As I write about the Old South, I pray that people will not misunderstand me.  It was not all bad.   As is true with people anywhere you go or anywhere you look in history, there is a mix of good and bad in their customs and values.  Since we are made a little lower than the angels, we have so much capability to reach the heights of accomplishment in whatever endeavor we choose, but since we are born into sin, there is also great capability for evil, even reaching to monumentally low places of sin, for example the actions of Hitler, Pol Pot, and Stalin.  Some of the values of the Old South were actually good, worth maintaining, and did accord with Christianity.  For instance, the old southern chivalric view of women, putting them on a pedestal and honoring them as treasures, was generally a good thing, although it occasionally had a tendency to go too far, which is true of all value systems that originate with man.  But this was a tradition that did not originate in the south.  Southern chivalric worship of women was an adaptation of medieval courtly love. 

In our southern version, you always treated women and girls respectfully.  You let them shine.  You highlighted them at social functions.   They were an adornment, an artistically beautiful object to be admired and even showed off.  And every woman had some beauty in her, maybe not your version or preference, but beautiful nonetheless.  You protected them.  You honored them.  You opened the door for them.  You treated them gently as a valued object that was fragile.  You pushed their chair in at the dinner table when you were dining out.  You flattered them, respecting their beauty.  You treated every woman like a lady of good social status, assuming that they were.  A man could even have a deep platonic love of a married woman, keeping her in an honored, unreachable place, flattering her publicly, essentially flirting with her, although in an approved manner.  Being that we are all human, however, I would not be surprised to discover that some or even many of those “platonic” relationships stepped over the line, with everyone looking the other way as they did with other issues in this legalistic morality.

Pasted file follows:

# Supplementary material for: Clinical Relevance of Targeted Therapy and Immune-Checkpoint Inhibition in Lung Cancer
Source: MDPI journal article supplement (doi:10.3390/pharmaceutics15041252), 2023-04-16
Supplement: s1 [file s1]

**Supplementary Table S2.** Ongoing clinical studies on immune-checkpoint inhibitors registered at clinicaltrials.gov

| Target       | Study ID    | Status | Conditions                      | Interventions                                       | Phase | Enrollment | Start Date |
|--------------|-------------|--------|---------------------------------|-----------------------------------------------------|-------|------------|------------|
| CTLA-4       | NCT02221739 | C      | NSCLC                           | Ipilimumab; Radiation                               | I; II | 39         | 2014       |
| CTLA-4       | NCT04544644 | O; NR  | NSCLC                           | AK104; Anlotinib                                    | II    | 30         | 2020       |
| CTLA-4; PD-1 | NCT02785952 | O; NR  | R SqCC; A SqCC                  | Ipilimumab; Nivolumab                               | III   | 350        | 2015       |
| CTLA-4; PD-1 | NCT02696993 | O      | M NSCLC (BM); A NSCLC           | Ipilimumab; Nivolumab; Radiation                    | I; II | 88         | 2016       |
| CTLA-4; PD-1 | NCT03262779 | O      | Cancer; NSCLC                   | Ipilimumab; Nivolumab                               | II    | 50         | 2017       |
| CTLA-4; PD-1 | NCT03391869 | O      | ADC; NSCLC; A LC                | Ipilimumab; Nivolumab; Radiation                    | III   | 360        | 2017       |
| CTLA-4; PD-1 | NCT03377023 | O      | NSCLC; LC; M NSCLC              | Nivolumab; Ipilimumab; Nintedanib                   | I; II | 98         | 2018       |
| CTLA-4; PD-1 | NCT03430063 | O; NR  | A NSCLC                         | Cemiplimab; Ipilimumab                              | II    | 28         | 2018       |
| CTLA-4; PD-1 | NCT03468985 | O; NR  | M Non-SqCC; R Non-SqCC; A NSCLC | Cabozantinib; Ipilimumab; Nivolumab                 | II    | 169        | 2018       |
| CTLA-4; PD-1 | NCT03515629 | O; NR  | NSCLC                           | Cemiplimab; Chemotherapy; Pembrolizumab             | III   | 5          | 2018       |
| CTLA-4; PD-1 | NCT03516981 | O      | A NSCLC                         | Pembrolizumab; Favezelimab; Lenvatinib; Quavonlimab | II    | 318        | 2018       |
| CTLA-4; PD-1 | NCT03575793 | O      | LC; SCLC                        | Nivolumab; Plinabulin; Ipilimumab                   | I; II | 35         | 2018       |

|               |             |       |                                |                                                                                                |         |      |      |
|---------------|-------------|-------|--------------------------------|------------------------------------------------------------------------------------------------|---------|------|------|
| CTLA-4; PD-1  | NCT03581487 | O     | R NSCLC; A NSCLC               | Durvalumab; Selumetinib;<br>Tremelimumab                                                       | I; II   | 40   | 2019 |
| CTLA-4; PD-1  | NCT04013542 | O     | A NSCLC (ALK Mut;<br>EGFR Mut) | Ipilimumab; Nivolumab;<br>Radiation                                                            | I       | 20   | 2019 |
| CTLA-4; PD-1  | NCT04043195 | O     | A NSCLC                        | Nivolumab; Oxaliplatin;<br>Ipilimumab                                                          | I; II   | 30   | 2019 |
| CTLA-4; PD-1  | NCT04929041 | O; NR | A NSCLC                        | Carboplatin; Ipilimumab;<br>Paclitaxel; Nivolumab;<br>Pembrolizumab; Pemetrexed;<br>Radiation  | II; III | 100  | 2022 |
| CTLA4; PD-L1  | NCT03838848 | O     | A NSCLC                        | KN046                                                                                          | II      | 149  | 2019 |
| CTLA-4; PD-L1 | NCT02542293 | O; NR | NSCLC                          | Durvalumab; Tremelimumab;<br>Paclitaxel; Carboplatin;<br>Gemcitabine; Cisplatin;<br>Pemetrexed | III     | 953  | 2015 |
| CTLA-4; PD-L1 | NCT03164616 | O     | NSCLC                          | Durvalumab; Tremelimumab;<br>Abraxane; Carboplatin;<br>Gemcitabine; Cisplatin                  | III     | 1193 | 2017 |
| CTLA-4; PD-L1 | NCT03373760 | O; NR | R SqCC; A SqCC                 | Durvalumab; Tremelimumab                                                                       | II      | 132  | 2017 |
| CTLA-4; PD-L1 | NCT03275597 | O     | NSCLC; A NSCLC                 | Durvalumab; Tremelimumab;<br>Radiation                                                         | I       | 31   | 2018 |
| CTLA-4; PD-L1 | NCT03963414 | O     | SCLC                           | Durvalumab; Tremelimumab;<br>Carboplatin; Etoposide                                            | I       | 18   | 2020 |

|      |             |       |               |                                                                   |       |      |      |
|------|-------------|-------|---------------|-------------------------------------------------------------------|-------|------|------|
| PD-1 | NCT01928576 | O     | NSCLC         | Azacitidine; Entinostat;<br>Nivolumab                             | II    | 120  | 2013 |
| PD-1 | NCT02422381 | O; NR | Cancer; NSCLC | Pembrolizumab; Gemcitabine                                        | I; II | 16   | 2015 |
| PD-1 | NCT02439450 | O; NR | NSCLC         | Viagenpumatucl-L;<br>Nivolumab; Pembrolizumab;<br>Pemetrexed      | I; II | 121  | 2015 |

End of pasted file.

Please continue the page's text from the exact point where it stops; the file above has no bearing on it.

We know from history of the Old South that there were occasionally relationships between white males and black female slaves on the sly, probably more about lust than love.  So people probably just got in the habit of looking the other way, with children told, “That’s just the way it is.”  It was the original good old boy system.  Additionally, I guess, in the eyes of men, there’s always been a dichotomy of values between viewing women as objects of lust versus honoring, valuing, and loving them in a more idealistic fashion.  But in general, women were highly valued and honored in the Old South.  Before my grandmother died in 2004, she told me a story one time that must have taken place during Reconstruction, immediately after the Civil War, about a relative of hers that was shot by the KKK for beating his wife.  In its beginning, the KKK was not purely about enforcing the feudal caste system which kept blacks “in their place,” although the organization would become more racist in time, with lower status, poorer white men filling the ranks and worrying over losing their place in the caste system, which then led to the violence against blacks.

More on this tomorrow.  I pray you have a blessed day. 



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    I'm a retired soldier, having spent 23 years of my life serving our country, actually 30 years when you count the reserve and National Guard time as well.  I believe in servant leaders, following the example of our Lord, and I believe in giving back to the troops once one has attained a certain status or level of success in life.  But I also believe in fighting back against corruption and incompetence wherever you find it if it hurts people.  Our national values were worth dying for.  They are also worth living for.  A man or woman can actually live a life by these principles of humility, service, love, duty, and honor, and have a significant impact on the world around them...if you have the dedication to see it through. 


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